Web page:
--The Winnipeg Free Press, Monday, November 17, 1941. Pg. 14. (via Findmypast.com).
In a multi-page article containing a list of returning prisoners of war, is listed: Pte. R.L. Labossiere, of Atikoken, Ont.
-- The Winnipeg Free Press, Wednesday July 4, 1945, Pg. 4. (via Findmypast.com).
Mr. and Mrs. N. Kachkowski and little son of Antikokan Ont., left for their home Saturday after attending the funeral of their mother, the late Mrs. J. Dzamar, who passed away early last week following a brief illness.
-- The Dauphin (Manitoba) Herald & Press, Thursday, May 23, 1946, Pg. 10. (via Findmypast.com).
Jacob Frizzley, well known resident of Rossendale, died Saturday at his home in Atikokan, Ontario. He was 77 years of age.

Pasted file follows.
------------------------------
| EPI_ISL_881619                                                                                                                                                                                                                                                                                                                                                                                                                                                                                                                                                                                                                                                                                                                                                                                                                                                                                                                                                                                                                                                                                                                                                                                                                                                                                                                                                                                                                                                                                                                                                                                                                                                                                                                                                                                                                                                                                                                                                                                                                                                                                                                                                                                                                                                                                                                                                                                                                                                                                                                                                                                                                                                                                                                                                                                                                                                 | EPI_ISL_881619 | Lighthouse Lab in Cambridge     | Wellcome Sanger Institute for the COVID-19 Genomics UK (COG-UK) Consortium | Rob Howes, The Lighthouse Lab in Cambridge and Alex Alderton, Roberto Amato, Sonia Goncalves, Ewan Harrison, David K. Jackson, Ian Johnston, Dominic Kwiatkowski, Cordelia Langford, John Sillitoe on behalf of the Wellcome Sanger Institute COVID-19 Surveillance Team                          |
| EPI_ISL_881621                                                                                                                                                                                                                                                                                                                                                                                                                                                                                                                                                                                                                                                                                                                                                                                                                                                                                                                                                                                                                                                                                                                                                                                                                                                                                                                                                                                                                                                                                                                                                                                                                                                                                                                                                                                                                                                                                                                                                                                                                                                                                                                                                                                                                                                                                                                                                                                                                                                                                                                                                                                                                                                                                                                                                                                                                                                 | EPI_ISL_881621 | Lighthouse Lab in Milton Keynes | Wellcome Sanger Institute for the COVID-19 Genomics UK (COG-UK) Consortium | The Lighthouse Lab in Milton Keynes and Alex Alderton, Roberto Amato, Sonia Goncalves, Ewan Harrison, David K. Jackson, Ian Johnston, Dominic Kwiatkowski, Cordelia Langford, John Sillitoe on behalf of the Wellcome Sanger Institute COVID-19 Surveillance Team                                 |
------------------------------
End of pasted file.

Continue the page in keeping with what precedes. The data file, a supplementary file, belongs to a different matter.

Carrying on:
He came to Canada from Syria over 50 years ago, and had farmed in the Rossendale district until his retirement to Portage in 1939. For the past two years he had lived in Ontario.
Surviving besides his widow are three sons, Reuben of Rossendale; Joseph of Treherne and George of Atikokan; four daughters, Mrs. P. Young, Winnipeg; Mrs. M. Yasinski, Atikoken; Mrs. G. Tait, Salisbury, N.B.; Mrs. H. Simpson, Portage. There are six grandchildren and one brother David, who resides in McCord, Sask.
Funeral services were held on Tuesday at 2 p.m. from McKillops' funeral chapel, with Rev. P.C. Bays officiating. Burial was made in the family plot in Rossendale cemetery.
Pallbearers were Wm. Love, J. Fisher, A. Watson, A. Ferguson, A. Henry, A. Culbert.
Bearers of the many beautiful floral tributes were Jas. Watson, John Nichol, Edward Pearce, Russell Love.